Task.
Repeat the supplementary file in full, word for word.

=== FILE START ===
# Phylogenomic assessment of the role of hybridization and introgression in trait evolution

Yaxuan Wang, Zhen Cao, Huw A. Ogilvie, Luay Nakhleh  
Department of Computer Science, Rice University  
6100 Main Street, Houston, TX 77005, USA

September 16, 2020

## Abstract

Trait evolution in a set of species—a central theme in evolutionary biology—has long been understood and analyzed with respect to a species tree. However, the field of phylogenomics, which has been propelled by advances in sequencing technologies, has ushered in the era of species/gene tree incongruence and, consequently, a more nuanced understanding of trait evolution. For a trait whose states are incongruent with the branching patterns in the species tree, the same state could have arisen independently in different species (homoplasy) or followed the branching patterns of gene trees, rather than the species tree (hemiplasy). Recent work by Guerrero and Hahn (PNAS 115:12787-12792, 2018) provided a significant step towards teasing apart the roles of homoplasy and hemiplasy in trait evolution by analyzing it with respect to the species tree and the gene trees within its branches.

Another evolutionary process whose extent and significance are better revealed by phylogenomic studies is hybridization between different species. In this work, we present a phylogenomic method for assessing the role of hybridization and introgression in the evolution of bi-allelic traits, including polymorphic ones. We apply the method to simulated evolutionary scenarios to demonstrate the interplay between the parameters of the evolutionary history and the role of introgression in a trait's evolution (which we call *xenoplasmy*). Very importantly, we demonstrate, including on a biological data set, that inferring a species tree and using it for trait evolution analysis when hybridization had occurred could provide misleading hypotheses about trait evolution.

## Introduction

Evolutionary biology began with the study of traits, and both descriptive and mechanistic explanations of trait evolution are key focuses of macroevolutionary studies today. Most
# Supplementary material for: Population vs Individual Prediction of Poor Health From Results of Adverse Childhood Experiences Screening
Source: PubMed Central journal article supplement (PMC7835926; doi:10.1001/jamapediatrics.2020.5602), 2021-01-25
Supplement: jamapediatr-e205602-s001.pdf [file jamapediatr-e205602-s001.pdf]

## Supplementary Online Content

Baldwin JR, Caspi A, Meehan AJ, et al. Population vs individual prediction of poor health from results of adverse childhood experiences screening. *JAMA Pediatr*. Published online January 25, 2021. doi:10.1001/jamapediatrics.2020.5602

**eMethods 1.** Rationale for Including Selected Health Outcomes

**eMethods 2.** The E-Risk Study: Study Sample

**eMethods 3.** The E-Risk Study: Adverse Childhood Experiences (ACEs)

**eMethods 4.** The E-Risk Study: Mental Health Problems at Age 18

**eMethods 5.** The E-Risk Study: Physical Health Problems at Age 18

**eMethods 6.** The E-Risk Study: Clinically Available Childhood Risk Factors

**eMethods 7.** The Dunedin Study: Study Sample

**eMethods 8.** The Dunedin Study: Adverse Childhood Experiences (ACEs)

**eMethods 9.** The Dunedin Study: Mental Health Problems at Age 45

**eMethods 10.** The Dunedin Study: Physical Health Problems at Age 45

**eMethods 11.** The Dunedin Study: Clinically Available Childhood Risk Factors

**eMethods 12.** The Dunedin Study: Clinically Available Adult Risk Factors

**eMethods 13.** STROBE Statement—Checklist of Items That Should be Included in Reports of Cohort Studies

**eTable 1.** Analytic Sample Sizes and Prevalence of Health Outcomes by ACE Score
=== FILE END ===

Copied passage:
# Phylogenomic assessment of the role of hybridization and introgression in trait evolution

Yaxuan Wang, Zhen Cao, Huw A. Ogilvie, Luay Nakhleh  
Department of Computer Science, Rice University  
6100 Main Street, Houston, TX 77005, USA

September 16, 2020

## Abstract

Trait evolution in a set of species—a central theme in evolutionary biology—has long been understood and analyzed with respect to a species tree. However, the field of phylogenomics, which has been propelled by advances in sequencing technologies, has ushered in the era of species/gene tree incongruence and, consequently, a more nuanced understanding of trait evolution. For a trait whose states are incongruent with the branching patterns in the species tree, the same state could have arisen independently in different species (homoplasy) or followed the branching patterns of gene trees, rather than the species tree (hemiplasy). Recent work by Guerrero and Hahn (PNAS 115:12787-12792, 2018) provided a significant step towards teasing apart the roles of homoplasy and hemiplasy in trait evolution by analyzing it with respect to the species tree and the gene trees within its branches.

Another evolutionary process whose extent and significance are better revealed by phylogenomic studies is hybridization between different species. In this work, we present a phylogenomic method for assessing the role of hybridization and introgression in the evolution of bi-allelic traits, including polymorphic ones. We apply the method to simulated evolutionary scenarios to demonstrate the interplay between the parameters of the evolutionary history and the role of introgression in a trait's evolution (which we call *xenoplasmy*). Very importantly, we demonstrate, including on a biological data set, that inferring a species tree and using it for trait evolution analysis when hybridization had occurred could provide misleading hypotheses about trait evolution.

## Introduction

Evolutionary biology began with the study of traits, and both descriptive and mechanistic explanations of trait evolution are key focuses of macroevolutionary studies today. Most
# Supplementary material for: Population vs Individual Prediction of Poor Health From Results of Adverse Childhood Experiences Screening
Source: PubMed Central journal article supplement (PMC7835926; doi:10.1001/jamapediatrics.2020.5602), 2021-01-25
Supplement: jamapediatr-e205602-s001.pdf [file jamapediatr-e205602-s001.pdf]

## Supplementary Online Content

Baldwin JR, Caspi A, Meehan AJ, et al. Population vs individual prediction of poor health from results of adverse childhood experiences screening. *JAMA Pediatr*. Published online January 25, 2021. doi:10.1001/jamapediatrics.2020.5602

**eMethods 1.** Rationale for Including Selected Health Outcomes

**eMethods 2.** The E-Risk Study: Study Sample

**eMethods 3.** The E-Risk Study: Adverse Childhood Experiences (ACEs)

**eMethods 4.** The E-Risk Study: Mental Health Problems at Age 18

**eMethods 5.** The E-Risk Study: Physical Health Problems at Age 18

**eMethods 6.** The E-Risk Study: Clinically Available Childhood Risk Factors

**eMethods 7.** The Dunedin Study: Study Sample

**eMethods 8.** The Dunedin Study: Adverse Childhood Experiences (ACEs)

**eMethods 9.** The Dunedin Study: Mental Health Problems at Age 45

**eMethods 10.** The Dunedin Study: Physical Health Problems at Age 45

**eMethods 11.** The Dunedin Study: Clinically Available Childhood Risk Factors

**eMethods 12.** The Dunedin Study: Clinically Available Adult Risk Factors

**eMethods 13.** STROBE Statement—Checklist of Items That Should be Included in Reports of Cohort Studies

**eTable 1.** Analytic Sample Sizes and Prevalence of Health Outcomes by ACE Score